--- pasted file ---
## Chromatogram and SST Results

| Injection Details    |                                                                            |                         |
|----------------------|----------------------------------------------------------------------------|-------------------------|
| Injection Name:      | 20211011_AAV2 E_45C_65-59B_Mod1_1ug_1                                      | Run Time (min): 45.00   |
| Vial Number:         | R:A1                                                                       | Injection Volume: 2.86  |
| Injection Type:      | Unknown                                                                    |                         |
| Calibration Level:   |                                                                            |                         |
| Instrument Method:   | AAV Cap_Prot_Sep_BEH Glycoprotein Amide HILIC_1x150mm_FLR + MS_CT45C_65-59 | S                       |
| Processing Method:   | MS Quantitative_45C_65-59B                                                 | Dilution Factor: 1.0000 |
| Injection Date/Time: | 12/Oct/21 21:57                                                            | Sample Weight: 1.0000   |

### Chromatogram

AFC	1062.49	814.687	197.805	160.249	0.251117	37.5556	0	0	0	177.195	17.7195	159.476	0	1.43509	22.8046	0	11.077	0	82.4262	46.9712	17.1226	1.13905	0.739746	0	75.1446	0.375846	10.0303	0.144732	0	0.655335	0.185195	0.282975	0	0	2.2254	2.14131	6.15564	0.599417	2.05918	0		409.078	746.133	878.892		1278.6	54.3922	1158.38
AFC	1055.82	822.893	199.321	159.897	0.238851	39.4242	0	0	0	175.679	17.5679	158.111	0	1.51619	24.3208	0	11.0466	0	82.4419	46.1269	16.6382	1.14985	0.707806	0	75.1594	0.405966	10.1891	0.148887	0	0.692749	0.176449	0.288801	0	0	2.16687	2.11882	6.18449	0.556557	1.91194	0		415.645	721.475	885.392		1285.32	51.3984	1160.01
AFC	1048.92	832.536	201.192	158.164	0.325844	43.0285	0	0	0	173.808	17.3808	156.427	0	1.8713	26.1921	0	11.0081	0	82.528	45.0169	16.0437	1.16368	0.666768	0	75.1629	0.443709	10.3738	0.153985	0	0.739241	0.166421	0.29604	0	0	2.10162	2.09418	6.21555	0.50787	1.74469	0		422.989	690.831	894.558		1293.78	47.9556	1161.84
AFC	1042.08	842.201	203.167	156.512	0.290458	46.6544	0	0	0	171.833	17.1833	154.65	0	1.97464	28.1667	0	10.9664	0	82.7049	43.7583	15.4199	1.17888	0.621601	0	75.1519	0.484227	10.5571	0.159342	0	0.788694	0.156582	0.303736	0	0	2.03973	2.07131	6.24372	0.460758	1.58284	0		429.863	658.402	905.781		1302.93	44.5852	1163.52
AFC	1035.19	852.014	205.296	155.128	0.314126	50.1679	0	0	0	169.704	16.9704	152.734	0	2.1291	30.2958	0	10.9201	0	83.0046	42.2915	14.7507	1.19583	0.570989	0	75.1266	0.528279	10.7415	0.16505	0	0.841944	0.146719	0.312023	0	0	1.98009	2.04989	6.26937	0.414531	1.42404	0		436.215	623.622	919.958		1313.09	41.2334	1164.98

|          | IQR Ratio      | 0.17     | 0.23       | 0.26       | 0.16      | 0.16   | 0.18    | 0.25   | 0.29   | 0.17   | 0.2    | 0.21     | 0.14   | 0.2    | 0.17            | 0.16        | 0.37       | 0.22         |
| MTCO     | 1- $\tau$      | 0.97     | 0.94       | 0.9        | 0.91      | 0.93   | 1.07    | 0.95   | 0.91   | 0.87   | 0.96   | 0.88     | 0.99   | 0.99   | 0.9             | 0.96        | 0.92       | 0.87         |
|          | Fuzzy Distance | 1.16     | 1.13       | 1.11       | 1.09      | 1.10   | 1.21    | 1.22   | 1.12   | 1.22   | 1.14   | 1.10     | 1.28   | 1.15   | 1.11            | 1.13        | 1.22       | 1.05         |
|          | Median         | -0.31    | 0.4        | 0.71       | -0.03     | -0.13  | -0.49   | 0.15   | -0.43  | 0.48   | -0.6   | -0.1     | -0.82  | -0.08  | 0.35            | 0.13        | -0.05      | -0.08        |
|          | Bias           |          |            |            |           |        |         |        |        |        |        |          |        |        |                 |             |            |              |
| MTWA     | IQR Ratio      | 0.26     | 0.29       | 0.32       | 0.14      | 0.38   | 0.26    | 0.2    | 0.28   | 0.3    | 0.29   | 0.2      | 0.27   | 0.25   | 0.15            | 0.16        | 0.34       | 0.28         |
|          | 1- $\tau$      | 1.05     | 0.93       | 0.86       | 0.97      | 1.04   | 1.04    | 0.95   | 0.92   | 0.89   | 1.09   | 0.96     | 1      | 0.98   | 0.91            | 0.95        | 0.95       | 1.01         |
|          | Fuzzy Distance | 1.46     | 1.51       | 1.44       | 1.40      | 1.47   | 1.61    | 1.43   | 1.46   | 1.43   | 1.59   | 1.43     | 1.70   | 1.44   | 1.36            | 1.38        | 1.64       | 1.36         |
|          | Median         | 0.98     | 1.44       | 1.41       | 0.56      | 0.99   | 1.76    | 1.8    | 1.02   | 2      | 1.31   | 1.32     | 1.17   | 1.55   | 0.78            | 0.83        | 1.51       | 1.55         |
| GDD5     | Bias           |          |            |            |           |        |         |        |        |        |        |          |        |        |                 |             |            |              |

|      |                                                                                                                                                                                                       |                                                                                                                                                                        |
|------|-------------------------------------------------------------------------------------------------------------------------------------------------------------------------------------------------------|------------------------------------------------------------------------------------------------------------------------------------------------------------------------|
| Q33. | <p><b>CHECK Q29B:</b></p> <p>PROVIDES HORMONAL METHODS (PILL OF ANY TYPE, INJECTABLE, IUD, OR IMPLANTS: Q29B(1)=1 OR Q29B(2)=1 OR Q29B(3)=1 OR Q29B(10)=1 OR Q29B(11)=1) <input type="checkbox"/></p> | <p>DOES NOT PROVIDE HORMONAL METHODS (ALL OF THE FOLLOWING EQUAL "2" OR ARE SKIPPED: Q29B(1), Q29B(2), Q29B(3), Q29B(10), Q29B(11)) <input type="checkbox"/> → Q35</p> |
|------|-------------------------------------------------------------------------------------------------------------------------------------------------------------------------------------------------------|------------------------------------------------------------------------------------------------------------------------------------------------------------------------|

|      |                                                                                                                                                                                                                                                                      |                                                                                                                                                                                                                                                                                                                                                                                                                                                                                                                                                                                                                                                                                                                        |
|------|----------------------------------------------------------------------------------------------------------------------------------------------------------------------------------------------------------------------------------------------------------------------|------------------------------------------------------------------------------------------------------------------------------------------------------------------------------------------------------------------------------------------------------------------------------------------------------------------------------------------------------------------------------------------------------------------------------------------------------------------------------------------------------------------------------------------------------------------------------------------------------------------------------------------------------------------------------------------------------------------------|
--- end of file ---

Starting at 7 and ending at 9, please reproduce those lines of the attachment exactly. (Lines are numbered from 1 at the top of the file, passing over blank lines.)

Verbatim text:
| Calibration Level:   |                                                                            |                         |
| Instrument Method:   | AAV Cap_Prot_Sep_BEH Glycoprotein Amide HILIC_1x150mm_FLR + MS_CT45C_65-59 | S                       |
| Processing Method:   | MS Quantitative_45C_65-59B                                                 | Dilution Factor: 1.0000 |